So, what’s your country’s language quirk? If you’re Canadian, what do you think of the ‘eh?’, and, if you’re a Malaysian, share your take on the ‘lah’.

PS: The ‘lah’ also appears in Singapore.

Fitting Into Canada

It was easy. I didn’t expect it to be so, but it was.

Is it because Canada is made up of immigrant communities that are as varied and numbered as the nations that span the globe? Is it because one Canadian, regardless of their origin, enjoys the same rights and privileges as the next? Or is it just because most Canadians, by nature, are pre-disposed to being  warm, friendly, welcoming, inclusive, and non confrontational? Maybe it’s a combination of all these factors – I can’t say for sure. What I do know is that this is a society that’s easy to fit into.

Though I had a ‘place’ while I lived in Malaysia, I never fully belonged – I felt ‘second class’, to put it simply. The feeling is quite the opposite here.  In Canada, I know that I have as much of a chance to succeed as the next person, given the same set of opportunities. I know that the colour of my skin will not dictate my chances of earning a seat at a university, owning shares in a publicly listed company, or even my opportunity to hold the highest office of government, should I be so inclined. The economic pie is for everyone to enjoy, if they choose to participate. In Canada, I compete based on merit, while in Malaysia, a race-based quota system dictates my higher education and economic opportunities.

While Malaysia’s race based affirmative action policies might have had some merit in the early 70s as a means to calm racial tensions and foster economic equity between the races, it no longer serves Malaysia – not if it wants to be a successful multi-racial, multi-religious nation.

For a vibrant society to thrive, we must respect each other’s values, beliefs and practices without imposing it on others. In my short experience here (and I know nothing is perfect), Canada has been able to strike a good balance at preserving certain Canadian ‘values’ while welcoming the contributions of everyone.

Comfort food, Malaysian style

There’s a lot that I miss about Malaysia. Family, friends and the local cuisine rank at the top of this list. When it comes to food, I miss being able to enjoy a ‘teh tarik’ (literal translation: pulled tea) and roti canai (a buttery flat bread) at the neighbourhood mamak (an indian muslim restaurant or stall). I miss sitting at an open air restaurant or stall anytime of the year, day or night, enjoying simple meals – banana leaf rice (indian styled rice, curries, meat or fish and veggies served on a banana leaf), char kuey teow (chinese styled fried flat noodles) or nasi lemak (malay styled rice cooked in coconut milk and served with sambal, anchovies, peanuts, eggs and rendang – spiced meat). These are always had in the  boisterous company of family or friends.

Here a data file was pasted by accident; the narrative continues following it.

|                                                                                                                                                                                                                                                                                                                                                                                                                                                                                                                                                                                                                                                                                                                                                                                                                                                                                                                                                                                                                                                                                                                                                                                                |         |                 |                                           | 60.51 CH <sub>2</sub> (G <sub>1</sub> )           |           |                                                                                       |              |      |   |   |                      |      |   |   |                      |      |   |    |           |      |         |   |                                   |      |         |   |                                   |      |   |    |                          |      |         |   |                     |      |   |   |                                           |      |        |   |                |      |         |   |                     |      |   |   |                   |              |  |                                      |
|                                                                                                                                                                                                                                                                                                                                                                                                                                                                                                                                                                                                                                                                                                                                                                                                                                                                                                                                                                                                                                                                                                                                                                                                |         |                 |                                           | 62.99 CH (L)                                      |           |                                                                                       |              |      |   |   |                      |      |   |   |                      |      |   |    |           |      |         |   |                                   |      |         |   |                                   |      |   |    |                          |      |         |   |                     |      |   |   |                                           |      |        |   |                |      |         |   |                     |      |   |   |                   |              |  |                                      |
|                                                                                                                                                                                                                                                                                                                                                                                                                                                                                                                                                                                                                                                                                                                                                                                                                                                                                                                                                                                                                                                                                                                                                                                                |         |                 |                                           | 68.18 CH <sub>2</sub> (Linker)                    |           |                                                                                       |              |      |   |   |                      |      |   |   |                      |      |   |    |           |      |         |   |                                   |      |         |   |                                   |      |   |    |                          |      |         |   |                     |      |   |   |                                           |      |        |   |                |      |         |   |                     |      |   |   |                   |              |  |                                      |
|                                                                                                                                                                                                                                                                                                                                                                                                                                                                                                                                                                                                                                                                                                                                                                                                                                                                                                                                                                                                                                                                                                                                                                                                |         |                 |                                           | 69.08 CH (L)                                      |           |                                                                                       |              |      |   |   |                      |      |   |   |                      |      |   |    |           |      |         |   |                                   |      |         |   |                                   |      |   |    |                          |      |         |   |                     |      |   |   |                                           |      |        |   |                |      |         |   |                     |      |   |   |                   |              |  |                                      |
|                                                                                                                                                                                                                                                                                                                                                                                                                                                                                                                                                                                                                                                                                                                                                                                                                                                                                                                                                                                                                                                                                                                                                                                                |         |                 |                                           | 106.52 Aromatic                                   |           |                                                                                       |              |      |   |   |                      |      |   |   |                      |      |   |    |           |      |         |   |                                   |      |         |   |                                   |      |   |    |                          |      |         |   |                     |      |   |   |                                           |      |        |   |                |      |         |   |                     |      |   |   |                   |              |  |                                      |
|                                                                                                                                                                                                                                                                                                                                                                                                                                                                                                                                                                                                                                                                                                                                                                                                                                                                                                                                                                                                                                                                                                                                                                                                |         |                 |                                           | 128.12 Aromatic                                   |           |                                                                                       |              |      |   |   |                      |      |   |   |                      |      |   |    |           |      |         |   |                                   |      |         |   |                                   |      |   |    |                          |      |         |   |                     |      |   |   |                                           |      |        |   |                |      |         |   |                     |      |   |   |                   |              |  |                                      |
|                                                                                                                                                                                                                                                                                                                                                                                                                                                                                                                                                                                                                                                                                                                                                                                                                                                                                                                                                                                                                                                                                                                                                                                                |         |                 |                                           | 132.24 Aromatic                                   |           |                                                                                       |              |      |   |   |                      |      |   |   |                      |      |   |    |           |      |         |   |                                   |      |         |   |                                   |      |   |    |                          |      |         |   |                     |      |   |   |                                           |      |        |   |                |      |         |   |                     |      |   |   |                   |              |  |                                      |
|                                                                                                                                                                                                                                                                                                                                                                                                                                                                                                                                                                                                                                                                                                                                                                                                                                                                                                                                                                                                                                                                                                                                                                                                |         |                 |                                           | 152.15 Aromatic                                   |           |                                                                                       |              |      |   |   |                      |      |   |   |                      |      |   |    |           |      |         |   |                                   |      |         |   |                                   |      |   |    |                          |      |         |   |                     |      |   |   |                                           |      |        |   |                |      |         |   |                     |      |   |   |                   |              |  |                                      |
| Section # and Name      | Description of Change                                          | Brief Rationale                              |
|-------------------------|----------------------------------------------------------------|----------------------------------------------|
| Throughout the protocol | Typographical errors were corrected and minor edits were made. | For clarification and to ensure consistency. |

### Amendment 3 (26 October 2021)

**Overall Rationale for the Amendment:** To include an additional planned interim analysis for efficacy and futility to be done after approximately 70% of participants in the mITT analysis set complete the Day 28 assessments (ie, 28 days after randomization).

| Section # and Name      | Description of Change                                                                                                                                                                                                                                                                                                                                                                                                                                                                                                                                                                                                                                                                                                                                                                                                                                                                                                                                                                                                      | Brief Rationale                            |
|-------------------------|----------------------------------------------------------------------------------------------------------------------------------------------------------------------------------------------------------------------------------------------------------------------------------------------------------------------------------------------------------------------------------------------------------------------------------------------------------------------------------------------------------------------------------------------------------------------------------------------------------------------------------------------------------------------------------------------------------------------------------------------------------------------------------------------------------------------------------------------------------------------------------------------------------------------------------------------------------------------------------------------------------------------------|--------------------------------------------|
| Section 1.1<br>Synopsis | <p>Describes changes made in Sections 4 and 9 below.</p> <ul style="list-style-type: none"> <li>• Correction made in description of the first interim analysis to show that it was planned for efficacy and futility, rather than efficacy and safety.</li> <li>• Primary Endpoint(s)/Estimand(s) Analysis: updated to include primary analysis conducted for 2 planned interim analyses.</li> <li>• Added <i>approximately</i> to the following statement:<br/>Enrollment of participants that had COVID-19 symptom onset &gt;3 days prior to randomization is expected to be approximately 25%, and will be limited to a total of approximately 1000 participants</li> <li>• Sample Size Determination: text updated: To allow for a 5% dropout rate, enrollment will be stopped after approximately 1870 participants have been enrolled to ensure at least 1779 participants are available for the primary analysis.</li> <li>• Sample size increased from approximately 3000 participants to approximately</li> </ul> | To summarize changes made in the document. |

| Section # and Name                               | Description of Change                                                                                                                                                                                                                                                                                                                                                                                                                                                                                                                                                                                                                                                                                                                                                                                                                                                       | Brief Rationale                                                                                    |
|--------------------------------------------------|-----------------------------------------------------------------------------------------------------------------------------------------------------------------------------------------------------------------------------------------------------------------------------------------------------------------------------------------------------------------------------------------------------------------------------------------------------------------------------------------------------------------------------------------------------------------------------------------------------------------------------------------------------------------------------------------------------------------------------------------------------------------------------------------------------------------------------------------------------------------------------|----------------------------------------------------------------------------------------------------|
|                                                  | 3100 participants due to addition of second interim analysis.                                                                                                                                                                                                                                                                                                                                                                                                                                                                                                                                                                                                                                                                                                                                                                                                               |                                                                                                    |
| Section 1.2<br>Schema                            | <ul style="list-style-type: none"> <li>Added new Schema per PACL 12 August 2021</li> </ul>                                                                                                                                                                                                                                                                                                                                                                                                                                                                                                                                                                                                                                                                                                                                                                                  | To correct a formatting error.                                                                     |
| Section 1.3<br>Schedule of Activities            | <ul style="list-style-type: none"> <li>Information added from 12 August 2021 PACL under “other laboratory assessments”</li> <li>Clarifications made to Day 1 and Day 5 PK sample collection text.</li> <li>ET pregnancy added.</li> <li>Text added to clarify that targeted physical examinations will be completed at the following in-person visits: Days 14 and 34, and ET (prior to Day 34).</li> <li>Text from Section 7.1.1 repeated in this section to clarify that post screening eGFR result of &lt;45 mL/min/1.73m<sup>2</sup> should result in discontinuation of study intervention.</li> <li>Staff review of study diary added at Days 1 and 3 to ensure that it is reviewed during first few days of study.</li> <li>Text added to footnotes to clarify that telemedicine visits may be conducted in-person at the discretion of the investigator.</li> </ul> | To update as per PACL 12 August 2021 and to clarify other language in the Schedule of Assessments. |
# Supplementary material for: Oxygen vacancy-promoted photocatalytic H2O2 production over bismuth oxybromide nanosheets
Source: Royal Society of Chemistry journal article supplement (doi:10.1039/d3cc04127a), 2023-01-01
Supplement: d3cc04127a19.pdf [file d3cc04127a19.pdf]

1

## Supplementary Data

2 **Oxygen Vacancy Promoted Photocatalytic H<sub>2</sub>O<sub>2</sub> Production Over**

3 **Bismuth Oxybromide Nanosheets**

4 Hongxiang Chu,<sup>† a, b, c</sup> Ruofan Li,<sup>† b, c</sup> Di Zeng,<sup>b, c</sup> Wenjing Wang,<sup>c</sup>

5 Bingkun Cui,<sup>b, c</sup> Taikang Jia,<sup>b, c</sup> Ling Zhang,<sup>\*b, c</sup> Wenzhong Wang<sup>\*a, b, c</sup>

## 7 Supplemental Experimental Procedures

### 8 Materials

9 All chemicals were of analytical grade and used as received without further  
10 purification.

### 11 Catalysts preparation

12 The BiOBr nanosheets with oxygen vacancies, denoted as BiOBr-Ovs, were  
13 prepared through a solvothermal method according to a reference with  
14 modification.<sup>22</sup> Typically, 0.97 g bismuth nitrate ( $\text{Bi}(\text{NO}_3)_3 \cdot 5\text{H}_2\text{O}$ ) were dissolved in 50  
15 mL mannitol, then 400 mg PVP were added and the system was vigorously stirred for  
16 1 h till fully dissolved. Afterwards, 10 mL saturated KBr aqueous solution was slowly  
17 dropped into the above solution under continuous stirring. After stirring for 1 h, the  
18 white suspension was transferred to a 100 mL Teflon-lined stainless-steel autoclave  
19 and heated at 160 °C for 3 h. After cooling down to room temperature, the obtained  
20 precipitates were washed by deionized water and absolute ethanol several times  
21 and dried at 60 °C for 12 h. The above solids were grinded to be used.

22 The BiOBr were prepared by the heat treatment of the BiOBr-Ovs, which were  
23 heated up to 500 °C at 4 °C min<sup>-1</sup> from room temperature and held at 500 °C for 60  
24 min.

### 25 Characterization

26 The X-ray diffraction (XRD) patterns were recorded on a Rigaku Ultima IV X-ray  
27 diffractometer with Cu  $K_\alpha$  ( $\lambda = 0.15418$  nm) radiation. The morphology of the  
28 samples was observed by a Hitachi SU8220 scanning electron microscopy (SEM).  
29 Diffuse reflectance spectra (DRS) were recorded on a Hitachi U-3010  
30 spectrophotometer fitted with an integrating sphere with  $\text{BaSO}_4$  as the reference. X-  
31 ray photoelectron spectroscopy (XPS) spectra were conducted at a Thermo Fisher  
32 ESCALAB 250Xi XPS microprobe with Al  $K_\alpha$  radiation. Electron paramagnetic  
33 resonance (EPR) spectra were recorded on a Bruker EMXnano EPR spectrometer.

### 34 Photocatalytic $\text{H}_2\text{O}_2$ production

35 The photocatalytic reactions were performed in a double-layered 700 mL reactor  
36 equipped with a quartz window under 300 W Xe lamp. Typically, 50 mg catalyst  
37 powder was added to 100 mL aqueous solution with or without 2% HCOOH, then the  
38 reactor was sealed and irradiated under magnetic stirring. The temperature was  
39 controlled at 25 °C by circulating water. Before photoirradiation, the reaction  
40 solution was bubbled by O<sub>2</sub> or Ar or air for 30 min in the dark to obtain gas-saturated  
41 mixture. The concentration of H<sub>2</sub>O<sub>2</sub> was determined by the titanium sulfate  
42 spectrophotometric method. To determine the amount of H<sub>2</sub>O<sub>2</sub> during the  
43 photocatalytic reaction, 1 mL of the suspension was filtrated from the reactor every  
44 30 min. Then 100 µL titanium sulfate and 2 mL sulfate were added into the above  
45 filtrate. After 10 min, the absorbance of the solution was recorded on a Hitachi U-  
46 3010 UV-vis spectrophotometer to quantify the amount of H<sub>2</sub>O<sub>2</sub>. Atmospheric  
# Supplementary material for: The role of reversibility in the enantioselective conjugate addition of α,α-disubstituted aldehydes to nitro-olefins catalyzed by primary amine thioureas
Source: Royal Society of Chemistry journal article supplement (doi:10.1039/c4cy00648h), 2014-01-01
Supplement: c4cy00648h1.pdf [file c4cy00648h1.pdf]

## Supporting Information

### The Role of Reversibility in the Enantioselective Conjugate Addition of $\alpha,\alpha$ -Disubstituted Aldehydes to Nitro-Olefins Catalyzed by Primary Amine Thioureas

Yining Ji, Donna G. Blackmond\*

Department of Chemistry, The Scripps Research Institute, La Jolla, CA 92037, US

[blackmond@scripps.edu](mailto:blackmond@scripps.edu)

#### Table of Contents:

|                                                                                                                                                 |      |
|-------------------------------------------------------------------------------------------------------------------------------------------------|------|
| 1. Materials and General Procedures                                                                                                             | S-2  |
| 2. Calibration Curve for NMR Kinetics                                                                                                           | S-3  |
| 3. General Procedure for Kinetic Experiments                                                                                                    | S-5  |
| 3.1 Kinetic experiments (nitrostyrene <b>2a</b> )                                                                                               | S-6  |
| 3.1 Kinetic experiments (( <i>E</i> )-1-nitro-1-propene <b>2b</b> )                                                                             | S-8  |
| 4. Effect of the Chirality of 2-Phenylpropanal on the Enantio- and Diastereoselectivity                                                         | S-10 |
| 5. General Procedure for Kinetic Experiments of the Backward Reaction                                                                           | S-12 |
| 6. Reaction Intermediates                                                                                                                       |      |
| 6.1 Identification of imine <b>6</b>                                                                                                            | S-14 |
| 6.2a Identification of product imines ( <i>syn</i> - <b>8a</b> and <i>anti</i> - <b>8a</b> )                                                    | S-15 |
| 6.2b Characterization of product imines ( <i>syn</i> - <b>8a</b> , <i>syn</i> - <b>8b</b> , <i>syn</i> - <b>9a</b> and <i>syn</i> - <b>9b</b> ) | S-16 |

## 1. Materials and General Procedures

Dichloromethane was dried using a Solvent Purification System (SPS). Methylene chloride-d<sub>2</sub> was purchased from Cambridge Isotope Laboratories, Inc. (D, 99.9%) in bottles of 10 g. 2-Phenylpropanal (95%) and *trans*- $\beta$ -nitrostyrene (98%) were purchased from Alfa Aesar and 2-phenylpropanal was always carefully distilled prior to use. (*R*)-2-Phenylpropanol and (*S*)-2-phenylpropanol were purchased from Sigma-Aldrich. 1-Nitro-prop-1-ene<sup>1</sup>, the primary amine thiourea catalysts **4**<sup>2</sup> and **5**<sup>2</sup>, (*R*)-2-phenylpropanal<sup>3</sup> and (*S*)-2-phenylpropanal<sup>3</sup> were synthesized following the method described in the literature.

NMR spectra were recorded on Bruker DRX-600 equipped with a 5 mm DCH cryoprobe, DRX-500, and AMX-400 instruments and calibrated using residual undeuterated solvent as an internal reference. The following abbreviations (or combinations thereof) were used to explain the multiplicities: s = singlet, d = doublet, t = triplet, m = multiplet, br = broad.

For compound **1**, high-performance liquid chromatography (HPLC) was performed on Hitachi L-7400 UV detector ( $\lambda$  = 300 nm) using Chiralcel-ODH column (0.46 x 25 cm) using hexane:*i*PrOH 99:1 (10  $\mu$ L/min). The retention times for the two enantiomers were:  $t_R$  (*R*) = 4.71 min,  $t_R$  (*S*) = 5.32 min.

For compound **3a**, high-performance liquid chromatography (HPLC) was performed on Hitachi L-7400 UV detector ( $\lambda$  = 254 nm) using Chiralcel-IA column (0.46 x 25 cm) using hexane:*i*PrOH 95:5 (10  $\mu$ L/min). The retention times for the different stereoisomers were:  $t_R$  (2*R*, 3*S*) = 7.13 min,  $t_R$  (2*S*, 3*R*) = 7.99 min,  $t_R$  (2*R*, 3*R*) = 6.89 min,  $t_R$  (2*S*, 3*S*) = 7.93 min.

So, on days when I miss family, friends and the comforts  of home most, I cook up a meal that will take me back. Rendang is one of my favourites. It can typically be had with nasi lemak, as noted above, or with plain white rice and veggies. It’s also a dish that is traditionally served during Hari Raya (Ramadhan) feasts.  Cooking a meal like this always lifts my spirits.

I got this recipe from a friend a few years ago – at a time when I was feeling particularly homesick. I’ve made it a few times since and tweaked it a little. It’s delicious and easy to make, but be ready to spend a few hours in the kitchen.

Beef Rendang

Beef Rendang

You can use chicken of beef for this, but I’ve always made it with beef.

Ingredients (You will be able to find  most of these ingredients at any well stocked Asian grocery store.)

  • 2lbs beef, cut into small cubes. Stewing beef works well. (I found out the hard way that expensive cuts, like  sirloin, don’t work as well).
  • Cinnamon stick (2 inch piece), cloves, cardamom
  • A handful of shallots
  • 5-6 dried chilies
  • 2 stalks lemongrass (about 4 inches from the root)
  • Ginger (about the size of your thumb), chopped roughly
  • Galangal (thumb sized), chopped roughly
  • Tamarind juice
  • 2 tsp tumeric powder
  • 3/4 cup light coconut milk
  • Oil
  • 1/4 tsp sugar (I use brown sugar)
  • Salt to taste
  • 2 – 3 heaped tbs grated coconut for the kerisik
  • Lime leaves, finely chopped.

Preparation Method:

  1. Spices prepped for beef rendang

    Prep, from top left: shallots, lemongrass, ginger and galangal , blended into a paste; lemongrass, chilli paste, kerisik, lime leaves, cinnamon, cloves and cardamom.

    Marinate beef  with the turmeric and set aside for a while.

  2. Blend chillies, shallots, lemongrass, ginger and galangal into a paste.
  3. In a large wok or pan, heat 1-2 tablespoons of oil. Once the oil is hot, add cinnamon, cloves and cardamon;  heat until fragrant and allow the cardamom seeds to pop.
  4. Add in the blended ingredients and sauté. If you find the mixture getting too dry, add some thick coconut milk or coconut cream (instead of more oil).
  5. Once the oil starts to separate add in the beef and mix well to coat the meat with the spices.
  6. Add in tamarind juice.
  7. Cover and let cook for 10-15 minutes.
  8. After about 15 minutes, turn down the heat to low/medium. Add light coconut milk and let simmer until the meat is tender and cooked through. This could take about 45 minutes to an hour. Be sure to keep stirring occasionally.
  9. By this time, most of the liquid will have evaporated and you’ll be left with a dryish dish – don’t allow it get too dry though.
  10. Add sugar and salt to taste.
  11. Add in kerisik and mix well. (To make the kerisik, fry the grated coconut in a pan until it’s golden brown.)
  12. Finally, add the lime leaves and turn off the heat. Serve with rice.
Enjoying beef rendang with rice

Rendang is served!